Robbie Lawrence has been a constant in photojournalism in recent years, with portraits of movie stars such as Benedict Cumberbatch or narrative reportage of Trump-era Georgia for major publications like The New York Times, The Gentlewoman, Le Monde or The New Yorker.
Based in London, he studied English Literature at the University of Saint Andrews , followed by an art scholarship in New York, and started working as a journalist and photo editor in Paris. Such a mixed background has created a distinctive vision of photography as narrative storytelling, which is painterly in composition and colour and poetic in its sociological ambition.
A student of Dutch old masters, his photography is composed of colour blocks playing with shadowed figures and landscapes often warmed by dusk. Lawrence seeks the mellow, golden hours to portray his subjects, and through these glimpses, aims to “open a small crack of time” leaving it open for the viewer to infiltrate.
Divided in three sections, the works presented in Northern Diary provide quiet gateways into Scottish lives. The first room in the gallery, ‘Northern Diary / Brexit’ includes ochre-toned images taken in the summer of 2021. Despite the title, the atemporal, almost anachronistic atmospheres in them speak more of individuals’ unchanging relationship to their locations as one freed from external events and time.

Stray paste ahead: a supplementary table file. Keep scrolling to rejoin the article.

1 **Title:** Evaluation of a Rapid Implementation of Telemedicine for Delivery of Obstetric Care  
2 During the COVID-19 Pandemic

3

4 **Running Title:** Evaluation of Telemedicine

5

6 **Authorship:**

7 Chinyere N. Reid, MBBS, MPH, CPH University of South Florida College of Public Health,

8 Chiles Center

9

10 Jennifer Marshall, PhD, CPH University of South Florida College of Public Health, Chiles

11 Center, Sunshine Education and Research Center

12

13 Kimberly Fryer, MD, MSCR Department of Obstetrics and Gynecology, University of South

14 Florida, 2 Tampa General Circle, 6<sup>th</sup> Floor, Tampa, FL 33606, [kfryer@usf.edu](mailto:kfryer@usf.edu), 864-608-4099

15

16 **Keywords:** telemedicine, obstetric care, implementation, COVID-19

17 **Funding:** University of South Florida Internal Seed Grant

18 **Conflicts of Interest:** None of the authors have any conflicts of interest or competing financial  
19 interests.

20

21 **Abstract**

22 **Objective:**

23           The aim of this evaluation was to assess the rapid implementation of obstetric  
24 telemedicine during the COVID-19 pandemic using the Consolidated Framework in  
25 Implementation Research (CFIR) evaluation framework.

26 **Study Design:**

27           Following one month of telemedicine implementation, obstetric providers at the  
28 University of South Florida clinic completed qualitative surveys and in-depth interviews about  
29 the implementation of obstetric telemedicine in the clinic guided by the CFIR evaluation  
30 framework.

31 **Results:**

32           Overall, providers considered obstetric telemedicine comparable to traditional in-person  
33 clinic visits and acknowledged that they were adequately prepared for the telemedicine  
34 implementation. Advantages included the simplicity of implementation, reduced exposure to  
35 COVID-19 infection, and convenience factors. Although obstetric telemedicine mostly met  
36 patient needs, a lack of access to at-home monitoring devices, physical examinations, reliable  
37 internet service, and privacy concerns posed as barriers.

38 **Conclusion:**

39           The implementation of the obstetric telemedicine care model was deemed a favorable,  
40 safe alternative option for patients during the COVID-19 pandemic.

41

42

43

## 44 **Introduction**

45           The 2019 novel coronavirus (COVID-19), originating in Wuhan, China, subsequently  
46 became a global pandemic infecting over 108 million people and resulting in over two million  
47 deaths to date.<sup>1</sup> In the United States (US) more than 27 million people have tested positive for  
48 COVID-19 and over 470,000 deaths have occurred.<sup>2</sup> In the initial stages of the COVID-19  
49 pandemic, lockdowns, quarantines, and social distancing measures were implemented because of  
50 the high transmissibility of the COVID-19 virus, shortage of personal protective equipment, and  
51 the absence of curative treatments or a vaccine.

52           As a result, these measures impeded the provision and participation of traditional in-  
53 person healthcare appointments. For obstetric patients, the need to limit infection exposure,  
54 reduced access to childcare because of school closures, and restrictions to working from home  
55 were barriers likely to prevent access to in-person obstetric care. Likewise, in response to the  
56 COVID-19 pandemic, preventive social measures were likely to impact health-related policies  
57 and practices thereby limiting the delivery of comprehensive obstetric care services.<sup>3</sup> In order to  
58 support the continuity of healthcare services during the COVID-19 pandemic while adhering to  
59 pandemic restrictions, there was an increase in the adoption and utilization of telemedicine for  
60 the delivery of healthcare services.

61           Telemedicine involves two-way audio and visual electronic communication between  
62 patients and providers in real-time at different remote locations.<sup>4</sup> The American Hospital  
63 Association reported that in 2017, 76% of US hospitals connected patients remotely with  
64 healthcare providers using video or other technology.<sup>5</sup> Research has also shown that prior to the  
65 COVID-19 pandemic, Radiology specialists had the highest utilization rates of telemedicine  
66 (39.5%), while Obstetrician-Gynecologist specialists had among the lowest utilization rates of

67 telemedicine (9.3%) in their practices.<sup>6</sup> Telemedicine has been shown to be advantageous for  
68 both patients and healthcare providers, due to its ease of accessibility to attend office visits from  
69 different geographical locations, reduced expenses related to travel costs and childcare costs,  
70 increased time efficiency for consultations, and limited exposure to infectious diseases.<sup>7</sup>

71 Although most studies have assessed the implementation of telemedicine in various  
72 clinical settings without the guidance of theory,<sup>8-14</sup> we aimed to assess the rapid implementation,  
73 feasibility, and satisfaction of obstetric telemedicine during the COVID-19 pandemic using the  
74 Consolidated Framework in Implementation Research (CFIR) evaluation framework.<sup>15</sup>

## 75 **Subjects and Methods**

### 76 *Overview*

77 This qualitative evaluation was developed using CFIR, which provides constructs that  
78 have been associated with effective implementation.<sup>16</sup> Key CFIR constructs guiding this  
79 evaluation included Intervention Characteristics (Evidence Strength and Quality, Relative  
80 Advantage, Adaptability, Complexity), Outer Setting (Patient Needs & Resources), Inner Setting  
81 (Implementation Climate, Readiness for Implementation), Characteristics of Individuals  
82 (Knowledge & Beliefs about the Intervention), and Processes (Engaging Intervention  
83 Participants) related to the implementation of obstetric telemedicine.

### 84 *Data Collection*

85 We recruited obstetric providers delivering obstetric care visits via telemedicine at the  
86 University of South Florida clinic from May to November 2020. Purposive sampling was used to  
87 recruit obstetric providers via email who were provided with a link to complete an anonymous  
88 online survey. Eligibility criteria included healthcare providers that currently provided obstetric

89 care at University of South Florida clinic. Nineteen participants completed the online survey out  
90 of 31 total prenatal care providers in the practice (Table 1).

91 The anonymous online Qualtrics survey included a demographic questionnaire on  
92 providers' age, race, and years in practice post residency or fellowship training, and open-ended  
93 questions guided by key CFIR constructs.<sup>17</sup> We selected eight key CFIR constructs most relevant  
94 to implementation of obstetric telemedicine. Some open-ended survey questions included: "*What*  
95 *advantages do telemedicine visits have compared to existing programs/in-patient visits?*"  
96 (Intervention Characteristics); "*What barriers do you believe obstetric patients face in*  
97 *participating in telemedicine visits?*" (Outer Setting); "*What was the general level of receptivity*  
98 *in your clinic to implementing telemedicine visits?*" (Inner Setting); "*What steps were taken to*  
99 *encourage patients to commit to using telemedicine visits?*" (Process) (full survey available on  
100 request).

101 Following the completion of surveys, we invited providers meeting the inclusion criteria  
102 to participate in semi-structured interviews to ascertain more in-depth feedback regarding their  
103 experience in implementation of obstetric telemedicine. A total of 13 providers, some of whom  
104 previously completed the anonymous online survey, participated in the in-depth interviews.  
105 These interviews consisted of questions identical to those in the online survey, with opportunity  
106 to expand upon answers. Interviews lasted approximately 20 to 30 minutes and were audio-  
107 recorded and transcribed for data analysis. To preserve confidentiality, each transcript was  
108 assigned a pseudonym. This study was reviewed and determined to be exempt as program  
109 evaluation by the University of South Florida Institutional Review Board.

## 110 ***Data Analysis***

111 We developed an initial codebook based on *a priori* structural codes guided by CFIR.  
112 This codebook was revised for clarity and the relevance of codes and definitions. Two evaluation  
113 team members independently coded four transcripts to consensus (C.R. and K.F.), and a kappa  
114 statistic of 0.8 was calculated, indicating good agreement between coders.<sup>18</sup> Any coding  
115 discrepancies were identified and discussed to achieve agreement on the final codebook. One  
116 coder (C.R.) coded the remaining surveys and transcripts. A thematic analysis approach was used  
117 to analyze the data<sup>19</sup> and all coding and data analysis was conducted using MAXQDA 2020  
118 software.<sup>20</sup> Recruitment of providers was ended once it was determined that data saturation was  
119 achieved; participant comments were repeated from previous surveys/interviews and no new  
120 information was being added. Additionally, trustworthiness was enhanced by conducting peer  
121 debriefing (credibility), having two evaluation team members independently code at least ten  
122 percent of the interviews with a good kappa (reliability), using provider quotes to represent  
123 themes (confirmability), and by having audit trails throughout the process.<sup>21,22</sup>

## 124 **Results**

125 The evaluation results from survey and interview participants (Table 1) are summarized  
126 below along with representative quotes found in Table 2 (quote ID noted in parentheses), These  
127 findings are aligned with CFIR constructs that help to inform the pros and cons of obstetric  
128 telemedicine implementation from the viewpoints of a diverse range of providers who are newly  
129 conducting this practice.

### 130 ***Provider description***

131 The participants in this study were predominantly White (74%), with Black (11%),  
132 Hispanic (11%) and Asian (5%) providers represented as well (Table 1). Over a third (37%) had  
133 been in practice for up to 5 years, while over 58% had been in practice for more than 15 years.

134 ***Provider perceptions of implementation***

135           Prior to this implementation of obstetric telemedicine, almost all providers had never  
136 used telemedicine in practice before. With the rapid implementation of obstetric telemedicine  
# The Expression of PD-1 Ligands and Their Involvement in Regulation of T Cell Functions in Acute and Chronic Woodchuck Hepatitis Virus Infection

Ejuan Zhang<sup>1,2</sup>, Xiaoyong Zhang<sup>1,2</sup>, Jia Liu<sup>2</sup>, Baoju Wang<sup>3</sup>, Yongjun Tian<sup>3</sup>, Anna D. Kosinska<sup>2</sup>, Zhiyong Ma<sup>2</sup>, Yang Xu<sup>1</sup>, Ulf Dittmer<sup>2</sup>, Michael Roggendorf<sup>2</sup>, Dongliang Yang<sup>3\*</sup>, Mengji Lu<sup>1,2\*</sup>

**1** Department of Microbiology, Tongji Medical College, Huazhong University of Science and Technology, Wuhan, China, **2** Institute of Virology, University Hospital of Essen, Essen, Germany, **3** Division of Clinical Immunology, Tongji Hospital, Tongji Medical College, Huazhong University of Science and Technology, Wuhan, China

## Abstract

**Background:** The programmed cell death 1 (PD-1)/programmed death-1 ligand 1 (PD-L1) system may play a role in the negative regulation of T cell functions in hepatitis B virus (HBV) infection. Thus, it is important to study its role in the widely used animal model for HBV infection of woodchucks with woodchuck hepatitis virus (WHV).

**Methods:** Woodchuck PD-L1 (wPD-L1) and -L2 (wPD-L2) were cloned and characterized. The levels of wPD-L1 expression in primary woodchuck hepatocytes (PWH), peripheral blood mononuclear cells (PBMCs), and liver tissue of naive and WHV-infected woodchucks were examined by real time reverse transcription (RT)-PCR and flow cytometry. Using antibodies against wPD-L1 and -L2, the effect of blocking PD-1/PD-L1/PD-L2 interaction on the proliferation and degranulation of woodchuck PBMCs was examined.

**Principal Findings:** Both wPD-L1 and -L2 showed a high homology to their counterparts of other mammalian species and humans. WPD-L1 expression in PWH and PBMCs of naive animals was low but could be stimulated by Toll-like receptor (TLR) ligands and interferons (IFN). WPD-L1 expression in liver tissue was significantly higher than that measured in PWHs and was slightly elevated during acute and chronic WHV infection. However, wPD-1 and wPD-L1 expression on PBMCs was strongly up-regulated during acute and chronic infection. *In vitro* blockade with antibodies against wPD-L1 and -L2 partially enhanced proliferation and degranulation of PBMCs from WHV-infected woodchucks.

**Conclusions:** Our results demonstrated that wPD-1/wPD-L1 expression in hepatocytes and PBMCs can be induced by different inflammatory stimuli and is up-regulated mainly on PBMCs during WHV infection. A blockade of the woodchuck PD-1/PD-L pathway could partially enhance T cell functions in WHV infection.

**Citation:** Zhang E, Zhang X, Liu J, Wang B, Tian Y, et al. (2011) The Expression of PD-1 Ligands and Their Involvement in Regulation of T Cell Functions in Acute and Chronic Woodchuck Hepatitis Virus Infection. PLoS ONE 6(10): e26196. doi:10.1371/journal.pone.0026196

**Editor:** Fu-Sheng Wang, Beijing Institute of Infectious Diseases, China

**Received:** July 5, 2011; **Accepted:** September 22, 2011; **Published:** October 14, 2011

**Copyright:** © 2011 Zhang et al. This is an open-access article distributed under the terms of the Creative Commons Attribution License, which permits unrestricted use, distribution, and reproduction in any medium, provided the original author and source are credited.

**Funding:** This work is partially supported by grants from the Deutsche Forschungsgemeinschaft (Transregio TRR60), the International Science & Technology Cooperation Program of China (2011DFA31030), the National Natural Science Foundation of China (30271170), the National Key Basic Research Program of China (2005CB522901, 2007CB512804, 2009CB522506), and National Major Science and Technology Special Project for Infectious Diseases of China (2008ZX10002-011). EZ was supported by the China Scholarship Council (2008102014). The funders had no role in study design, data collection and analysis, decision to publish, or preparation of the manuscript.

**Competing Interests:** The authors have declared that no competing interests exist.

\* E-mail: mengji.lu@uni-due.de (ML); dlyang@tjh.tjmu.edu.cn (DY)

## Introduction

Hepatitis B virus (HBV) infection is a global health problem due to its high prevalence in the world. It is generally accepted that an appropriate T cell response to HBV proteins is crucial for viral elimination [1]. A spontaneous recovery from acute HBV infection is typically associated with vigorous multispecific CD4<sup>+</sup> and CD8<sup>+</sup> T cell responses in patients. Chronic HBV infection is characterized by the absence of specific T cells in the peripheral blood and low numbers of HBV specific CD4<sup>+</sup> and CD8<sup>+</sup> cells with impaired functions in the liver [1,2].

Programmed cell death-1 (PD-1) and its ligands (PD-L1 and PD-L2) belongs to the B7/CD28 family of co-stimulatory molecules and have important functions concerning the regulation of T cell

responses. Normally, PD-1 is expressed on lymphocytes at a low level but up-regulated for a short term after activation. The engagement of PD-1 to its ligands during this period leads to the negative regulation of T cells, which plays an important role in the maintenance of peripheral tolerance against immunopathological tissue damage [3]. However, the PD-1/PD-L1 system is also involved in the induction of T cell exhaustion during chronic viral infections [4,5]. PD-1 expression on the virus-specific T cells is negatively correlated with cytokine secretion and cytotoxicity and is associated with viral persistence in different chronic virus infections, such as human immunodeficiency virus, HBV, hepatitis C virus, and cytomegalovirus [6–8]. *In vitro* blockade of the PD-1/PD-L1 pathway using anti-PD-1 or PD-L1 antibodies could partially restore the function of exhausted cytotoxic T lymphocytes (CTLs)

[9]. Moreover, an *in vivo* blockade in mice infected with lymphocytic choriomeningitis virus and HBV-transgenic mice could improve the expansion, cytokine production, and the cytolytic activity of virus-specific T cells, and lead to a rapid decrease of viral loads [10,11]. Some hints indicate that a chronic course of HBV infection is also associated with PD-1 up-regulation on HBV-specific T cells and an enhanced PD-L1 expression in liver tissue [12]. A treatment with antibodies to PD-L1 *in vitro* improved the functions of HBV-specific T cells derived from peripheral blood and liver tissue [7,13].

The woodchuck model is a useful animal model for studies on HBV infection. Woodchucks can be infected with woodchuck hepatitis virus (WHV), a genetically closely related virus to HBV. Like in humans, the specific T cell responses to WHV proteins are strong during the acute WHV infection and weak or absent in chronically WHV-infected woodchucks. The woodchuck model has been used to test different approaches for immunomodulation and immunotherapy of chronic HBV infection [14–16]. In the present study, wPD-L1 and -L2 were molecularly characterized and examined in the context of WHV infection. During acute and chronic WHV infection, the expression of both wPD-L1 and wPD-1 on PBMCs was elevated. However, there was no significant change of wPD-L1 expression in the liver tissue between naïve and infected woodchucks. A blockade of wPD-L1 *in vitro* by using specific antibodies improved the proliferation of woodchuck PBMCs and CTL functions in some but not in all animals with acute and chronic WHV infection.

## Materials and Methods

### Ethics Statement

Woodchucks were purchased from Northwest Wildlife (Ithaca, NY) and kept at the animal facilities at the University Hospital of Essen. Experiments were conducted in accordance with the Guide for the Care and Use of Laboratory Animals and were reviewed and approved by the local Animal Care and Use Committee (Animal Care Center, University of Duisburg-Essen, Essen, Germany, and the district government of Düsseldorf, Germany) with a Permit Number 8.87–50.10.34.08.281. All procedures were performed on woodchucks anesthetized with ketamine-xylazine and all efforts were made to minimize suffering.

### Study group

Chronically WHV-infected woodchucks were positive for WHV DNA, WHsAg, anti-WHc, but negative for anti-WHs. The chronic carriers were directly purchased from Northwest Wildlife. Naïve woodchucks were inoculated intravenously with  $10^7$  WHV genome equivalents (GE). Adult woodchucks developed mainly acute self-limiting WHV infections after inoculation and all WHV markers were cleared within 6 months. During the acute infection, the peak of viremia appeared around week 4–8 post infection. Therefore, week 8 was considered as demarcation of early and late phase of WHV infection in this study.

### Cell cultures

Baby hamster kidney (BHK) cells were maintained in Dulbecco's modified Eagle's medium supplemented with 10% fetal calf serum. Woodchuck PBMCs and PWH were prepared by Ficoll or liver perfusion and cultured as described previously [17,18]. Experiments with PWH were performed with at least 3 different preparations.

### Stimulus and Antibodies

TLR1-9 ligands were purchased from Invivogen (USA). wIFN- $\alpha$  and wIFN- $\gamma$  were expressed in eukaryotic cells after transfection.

Lawrence’s first short film ‘Blue Bonnets’ (2022), commissioned by The New Yorker, is presented in the third section of the show. The work observes children who eagerly resume Highland dancing classes interrupted by Covid at the end of a time-stretched summer, alongside their vibrant portraits. Again, there is a timeless quality to the work, despite the extraordinary times in which it was recorded.
An exception occurs in the centre of the exhibition, which presents the project, ‘A Voice Above the Linn’. There is a specificity here; a sense of place. Deep green walls and orange vinyl poems on the walls transport us to Linn Botanic Gardens; the misty, melancholy gardens of a subtropical climate in Cove that were the home and lifelong project of Botanist Jim Taggart. The four poems by John Burnside respond to Lawrence’s views of the home and gardens, which show less saturation, even a frozen palette at times.
While all three sections are framed and edited meditations on our relationship to our environment, these memento mori through the figure of Taggart, Lawrence’s photographic exercises in oblivion, and Burnsides’ mournful words demand a reflective involvement from the viewer. It is a meditative and interdisciplinary experience best enjoyed in the flesh, and even more rewarding when cuddled between the grainy, ochre-toned visions of atemporal youths and re-observed mundane corners of Scotland from Lawrence’s Northern Diaries.